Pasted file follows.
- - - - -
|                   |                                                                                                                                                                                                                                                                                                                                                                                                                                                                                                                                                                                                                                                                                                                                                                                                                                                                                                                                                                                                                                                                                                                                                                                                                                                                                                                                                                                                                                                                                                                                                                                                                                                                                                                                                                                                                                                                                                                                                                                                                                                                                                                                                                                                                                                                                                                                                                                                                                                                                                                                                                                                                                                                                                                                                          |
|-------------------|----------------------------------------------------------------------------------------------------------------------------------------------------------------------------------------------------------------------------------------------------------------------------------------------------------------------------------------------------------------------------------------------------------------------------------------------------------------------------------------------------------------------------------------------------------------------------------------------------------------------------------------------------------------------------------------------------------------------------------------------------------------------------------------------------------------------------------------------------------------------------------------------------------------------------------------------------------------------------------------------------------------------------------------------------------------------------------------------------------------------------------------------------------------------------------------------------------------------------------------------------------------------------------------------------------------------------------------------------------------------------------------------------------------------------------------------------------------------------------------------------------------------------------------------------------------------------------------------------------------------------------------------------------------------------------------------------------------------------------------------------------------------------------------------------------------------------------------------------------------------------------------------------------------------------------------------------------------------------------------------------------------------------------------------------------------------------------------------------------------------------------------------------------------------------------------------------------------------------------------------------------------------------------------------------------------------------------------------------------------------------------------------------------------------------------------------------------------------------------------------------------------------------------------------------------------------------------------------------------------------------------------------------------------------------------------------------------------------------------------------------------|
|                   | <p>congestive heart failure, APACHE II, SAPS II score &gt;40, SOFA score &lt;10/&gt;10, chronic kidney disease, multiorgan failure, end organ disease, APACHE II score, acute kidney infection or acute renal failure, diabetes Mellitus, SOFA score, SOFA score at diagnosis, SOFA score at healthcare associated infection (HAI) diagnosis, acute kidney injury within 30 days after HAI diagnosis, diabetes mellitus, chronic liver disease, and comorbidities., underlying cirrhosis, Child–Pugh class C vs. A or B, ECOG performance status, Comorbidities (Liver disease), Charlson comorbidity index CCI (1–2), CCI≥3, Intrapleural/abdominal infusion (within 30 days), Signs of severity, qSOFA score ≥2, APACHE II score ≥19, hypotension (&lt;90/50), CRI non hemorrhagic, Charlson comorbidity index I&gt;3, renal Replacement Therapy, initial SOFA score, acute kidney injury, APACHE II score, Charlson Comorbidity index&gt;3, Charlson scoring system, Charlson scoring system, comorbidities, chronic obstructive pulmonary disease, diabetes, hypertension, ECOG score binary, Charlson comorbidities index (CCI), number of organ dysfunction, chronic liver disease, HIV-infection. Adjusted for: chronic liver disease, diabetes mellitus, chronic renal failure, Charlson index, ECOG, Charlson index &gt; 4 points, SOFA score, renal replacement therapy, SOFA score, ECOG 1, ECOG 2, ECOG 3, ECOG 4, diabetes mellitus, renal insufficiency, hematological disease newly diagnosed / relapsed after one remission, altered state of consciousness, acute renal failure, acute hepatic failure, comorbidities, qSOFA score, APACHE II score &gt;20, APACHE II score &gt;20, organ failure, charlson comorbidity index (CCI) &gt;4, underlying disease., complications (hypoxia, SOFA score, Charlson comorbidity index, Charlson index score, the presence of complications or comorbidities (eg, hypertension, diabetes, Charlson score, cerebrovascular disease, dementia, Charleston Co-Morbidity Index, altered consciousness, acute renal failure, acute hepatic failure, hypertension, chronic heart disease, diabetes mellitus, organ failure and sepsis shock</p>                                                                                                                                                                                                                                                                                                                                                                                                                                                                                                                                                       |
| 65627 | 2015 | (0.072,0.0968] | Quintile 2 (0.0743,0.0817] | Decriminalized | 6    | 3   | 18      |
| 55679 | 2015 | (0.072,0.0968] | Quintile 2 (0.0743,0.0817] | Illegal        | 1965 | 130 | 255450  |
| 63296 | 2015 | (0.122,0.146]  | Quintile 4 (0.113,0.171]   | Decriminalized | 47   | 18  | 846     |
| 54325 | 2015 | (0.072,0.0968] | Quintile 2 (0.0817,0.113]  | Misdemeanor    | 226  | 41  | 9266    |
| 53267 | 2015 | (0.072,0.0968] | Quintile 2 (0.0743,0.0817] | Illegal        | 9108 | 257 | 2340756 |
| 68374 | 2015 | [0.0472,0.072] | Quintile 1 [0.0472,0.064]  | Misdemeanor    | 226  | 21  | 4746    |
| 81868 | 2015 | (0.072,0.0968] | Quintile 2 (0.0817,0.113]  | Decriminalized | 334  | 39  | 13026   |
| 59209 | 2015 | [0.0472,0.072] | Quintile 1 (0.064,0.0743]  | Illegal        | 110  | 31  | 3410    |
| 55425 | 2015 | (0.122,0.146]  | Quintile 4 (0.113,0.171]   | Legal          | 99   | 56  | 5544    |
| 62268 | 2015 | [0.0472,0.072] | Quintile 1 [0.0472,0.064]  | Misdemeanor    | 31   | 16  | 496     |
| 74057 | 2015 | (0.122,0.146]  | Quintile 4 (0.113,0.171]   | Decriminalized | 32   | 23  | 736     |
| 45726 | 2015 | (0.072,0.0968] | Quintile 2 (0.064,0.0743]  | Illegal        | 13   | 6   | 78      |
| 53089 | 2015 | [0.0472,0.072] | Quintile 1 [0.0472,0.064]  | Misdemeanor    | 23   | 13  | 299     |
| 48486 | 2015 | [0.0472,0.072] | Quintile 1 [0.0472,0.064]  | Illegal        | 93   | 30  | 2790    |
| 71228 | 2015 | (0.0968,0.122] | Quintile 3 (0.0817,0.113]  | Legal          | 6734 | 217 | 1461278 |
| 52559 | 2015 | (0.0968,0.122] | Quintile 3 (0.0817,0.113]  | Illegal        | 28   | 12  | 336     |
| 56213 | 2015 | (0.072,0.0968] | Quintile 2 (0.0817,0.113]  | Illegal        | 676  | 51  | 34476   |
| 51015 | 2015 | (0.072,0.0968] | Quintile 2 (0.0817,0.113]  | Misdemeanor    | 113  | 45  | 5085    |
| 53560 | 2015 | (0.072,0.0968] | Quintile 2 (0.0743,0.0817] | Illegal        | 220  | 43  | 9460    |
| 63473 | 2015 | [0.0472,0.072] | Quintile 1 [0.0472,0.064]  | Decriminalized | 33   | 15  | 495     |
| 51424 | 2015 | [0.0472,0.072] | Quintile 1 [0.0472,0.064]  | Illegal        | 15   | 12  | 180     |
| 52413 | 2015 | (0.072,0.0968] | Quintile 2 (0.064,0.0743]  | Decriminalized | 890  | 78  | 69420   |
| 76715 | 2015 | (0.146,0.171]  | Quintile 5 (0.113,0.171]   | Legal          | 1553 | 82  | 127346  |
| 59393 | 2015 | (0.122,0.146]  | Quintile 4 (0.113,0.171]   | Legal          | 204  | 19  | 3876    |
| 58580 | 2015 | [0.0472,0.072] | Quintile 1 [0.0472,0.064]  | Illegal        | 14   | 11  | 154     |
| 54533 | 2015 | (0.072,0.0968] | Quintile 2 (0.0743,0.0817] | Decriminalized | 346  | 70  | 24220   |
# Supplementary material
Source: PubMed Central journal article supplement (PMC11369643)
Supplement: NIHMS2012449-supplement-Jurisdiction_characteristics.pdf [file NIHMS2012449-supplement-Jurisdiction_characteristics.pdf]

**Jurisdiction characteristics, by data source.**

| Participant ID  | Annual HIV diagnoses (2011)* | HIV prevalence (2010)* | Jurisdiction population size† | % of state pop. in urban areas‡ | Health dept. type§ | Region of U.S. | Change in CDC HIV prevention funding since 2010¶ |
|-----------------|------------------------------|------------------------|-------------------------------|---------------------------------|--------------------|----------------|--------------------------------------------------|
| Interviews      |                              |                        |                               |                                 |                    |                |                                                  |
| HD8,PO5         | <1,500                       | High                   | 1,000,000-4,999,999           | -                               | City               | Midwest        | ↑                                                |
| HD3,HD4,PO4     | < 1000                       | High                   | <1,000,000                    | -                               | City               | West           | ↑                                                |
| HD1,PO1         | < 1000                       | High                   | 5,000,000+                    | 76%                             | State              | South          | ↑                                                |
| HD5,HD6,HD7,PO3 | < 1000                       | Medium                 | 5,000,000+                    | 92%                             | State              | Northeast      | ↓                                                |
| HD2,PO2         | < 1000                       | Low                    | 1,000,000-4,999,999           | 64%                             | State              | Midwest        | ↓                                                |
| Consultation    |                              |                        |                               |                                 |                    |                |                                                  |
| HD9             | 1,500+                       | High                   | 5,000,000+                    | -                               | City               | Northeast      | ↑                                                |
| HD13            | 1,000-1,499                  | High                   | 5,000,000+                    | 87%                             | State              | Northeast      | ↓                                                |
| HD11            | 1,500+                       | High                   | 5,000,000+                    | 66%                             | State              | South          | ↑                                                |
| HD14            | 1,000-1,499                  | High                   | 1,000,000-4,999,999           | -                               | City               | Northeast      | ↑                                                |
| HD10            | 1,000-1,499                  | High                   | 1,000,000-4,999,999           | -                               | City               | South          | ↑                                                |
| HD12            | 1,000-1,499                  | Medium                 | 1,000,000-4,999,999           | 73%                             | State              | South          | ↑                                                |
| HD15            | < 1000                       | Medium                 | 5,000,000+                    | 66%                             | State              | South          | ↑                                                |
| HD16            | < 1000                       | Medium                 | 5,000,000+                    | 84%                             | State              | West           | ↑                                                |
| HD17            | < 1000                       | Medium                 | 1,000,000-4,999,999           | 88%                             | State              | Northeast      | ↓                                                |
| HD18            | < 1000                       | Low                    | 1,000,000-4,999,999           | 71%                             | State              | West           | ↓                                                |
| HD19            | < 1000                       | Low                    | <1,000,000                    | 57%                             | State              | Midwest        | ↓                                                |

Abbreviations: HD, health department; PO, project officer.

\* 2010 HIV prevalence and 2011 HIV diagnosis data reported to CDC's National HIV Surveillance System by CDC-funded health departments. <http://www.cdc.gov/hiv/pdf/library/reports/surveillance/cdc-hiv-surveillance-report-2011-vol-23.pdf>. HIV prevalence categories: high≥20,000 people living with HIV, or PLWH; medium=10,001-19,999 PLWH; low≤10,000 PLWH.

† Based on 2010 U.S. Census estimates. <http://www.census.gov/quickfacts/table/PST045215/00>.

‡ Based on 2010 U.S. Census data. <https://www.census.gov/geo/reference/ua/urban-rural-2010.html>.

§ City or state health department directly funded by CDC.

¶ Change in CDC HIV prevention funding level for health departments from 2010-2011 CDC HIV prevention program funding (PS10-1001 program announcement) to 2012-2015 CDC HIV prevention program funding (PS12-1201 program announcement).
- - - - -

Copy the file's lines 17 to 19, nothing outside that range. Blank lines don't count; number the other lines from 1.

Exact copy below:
| 48486 | 2015 | [0.0472,0.072] | Quintile 1 [0.0472,0.064]  | Illegal        | 93   | 30  | 2790    |
| 71228 | 2015 | (0.0968,0.122] | Quintile 3 (0.0817,0.113]  | Legal          | 6734 | 217 | 1461278 |
| 52559 | 2015 | (0.0968,0.122] | Quintile 3 (0.0817,0.113]  | Illegal        | 28   | 12  | 336     |